26721

cuPSO: GPU Parallelization for Particle Swarm Optimization Algorithms

Chuan-Chi Wang, Chun-Yen Ho, Chia-Heng Tu, Shih-Hao Hung
National Taiwan University, Taipei, Taiwan
arXiv:2205.01313 [cs.DC], (3 May 2022)

@misc{https://doi.org/10.48550/arxiv.2205.01313,

   doi={10.48550/ARXIV.2205.01313},

   url={https://arxiv.org/abs/2205.01313},

   author={Wang, Chuan-Chi and Ho, Chun-Yen and Tu, Chia-Heng and Hung, Shih-Hao},

   keywords={Distributed, Parallel, and Cluster Computing (cs.DC), Performance (cs.PF), FOS: Computer and information sciences, FOS: Computer and information sciences},

   title={cuPSO: GPU Parallelization for Particle Swarm Optimization Algorithms},

   publisher={arXiv},

   year={2022},

   copyright={Creative Commons Attribution Non Commercial Share Alike 4.0 International}

}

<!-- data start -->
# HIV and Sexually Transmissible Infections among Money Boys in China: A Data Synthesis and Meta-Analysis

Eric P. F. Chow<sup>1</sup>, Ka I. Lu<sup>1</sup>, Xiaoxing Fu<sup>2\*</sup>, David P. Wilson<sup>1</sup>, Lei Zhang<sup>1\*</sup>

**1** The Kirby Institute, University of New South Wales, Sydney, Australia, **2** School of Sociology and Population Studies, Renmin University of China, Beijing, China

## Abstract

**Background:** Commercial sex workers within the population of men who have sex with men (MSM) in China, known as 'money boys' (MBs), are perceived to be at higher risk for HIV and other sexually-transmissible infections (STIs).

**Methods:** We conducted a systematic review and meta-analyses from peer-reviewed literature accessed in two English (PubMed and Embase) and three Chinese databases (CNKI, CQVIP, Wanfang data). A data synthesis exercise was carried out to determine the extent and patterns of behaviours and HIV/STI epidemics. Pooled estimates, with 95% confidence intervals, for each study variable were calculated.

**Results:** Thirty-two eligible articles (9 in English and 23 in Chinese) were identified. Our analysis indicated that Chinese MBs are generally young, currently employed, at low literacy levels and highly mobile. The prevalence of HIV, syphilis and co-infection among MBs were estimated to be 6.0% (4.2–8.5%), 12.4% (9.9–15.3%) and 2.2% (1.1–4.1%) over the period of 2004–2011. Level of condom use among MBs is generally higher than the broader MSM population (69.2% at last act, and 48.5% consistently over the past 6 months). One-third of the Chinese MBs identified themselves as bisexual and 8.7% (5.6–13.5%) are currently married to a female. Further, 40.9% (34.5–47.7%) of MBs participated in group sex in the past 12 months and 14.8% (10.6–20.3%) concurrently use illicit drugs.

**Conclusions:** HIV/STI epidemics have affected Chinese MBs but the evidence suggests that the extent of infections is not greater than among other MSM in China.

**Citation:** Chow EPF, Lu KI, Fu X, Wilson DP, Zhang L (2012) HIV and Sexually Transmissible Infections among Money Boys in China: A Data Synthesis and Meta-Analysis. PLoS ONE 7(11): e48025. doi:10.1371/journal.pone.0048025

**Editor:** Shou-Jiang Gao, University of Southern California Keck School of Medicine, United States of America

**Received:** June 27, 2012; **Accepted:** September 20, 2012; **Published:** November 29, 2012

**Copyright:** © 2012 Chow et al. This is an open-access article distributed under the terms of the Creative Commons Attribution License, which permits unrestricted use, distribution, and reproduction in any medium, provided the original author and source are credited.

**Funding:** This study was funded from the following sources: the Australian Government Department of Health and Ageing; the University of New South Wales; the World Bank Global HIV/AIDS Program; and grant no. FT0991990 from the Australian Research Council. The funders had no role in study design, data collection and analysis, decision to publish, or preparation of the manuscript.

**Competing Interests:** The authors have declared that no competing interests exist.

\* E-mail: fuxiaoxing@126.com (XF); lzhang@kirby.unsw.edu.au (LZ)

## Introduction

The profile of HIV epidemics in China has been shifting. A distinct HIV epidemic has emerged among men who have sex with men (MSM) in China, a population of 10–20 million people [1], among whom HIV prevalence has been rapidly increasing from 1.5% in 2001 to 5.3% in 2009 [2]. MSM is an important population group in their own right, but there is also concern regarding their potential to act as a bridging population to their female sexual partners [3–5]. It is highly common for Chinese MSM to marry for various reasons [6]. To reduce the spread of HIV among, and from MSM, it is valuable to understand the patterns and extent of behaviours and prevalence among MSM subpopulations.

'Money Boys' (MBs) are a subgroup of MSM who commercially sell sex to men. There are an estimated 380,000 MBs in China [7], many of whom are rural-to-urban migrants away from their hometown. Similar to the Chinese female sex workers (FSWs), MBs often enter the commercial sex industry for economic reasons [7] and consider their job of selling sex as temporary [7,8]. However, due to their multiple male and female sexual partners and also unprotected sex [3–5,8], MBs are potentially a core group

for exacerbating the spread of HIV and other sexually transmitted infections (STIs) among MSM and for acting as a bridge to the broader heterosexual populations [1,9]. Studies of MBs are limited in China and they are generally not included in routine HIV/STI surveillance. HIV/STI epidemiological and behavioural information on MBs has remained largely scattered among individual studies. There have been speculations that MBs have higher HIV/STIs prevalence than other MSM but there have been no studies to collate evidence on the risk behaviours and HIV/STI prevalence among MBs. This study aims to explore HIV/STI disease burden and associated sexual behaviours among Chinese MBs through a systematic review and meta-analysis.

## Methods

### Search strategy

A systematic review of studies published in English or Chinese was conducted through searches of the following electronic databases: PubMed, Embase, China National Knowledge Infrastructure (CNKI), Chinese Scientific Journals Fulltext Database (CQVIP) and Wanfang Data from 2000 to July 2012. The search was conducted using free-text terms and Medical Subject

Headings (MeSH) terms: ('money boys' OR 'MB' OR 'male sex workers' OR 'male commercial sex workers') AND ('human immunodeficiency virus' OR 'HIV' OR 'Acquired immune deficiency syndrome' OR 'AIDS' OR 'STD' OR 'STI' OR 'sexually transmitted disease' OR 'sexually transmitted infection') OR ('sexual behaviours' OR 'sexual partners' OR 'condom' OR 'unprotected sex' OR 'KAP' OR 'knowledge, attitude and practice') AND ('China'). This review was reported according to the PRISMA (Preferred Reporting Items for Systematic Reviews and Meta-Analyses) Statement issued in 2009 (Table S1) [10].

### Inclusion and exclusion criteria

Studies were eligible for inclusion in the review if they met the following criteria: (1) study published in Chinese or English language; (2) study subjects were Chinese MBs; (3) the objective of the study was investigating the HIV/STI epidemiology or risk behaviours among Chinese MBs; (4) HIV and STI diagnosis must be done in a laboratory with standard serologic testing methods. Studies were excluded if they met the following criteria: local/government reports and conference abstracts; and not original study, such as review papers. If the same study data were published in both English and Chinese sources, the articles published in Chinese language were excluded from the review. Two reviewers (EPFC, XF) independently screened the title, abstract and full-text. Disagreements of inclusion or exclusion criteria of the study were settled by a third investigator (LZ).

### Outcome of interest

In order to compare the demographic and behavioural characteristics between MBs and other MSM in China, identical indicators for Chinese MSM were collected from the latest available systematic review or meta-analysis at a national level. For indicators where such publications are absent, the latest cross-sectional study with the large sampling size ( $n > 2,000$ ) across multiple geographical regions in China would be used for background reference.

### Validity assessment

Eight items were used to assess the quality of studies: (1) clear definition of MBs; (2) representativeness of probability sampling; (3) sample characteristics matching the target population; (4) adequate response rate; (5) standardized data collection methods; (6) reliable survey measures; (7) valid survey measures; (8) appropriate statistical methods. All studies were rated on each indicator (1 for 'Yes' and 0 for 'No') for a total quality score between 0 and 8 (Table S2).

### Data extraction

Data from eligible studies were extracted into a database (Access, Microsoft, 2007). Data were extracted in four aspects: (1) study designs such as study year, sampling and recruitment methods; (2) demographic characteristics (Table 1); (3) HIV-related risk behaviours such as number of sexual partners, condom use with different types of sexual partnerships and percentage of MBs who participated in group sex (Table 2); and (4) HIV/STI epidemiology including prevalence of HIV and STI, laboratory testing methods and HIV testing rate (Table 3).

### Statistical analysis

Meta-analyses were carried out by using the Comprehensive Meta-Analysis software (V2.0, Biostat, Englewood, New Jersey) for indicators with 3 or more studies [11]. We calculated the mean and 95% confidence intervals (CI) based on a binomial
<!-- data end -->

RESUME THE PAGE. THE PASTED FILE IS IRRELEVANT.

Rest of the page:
Particle Swarm Optimization (PSO) is a stochastic technique for solving the optimization problem. Attempts have been made to shorten the computation times of PSO based algorithms with massive threads on GPUs (graphic processing units), where thread groups are formed to calculate the information of particles and the computed outputs for the particles are aggregated and analyzed to find the best solution. In particular, the reduction-based method is considered as a common approach to handle the data aggregation and analysis for the calculated particle information. Nevertheless, based on our analysis, the reduction-based method would suffer from excessive memory accesses and thread synchronization overheads. In this paper, we propose a novel algorithm to alleviate the above overheads with the atomic functions. The threads within a thread group update the calculated results atomically to the intra-group data queue conditionally, which prevents the frequent accesses to the memory as done by the parallel reduction operations. Furthermore, we develop an enhanced version of the algorithm to alleviate the synchronization barrier among the thread groups, which is achieved by allowing the thread groups to run asynchronously and updating to the global, lock-protected variables occasionally if necessary. Our experimental results show that our proposed algorithm running on the Nvidia GPU is about 200 times faster than the serial version executed by the Intel Xeon CPU. Moreover, the novel algorithm outperforms the state-of-the-art method (the parallel reduction approach) by a factor of 2.2.
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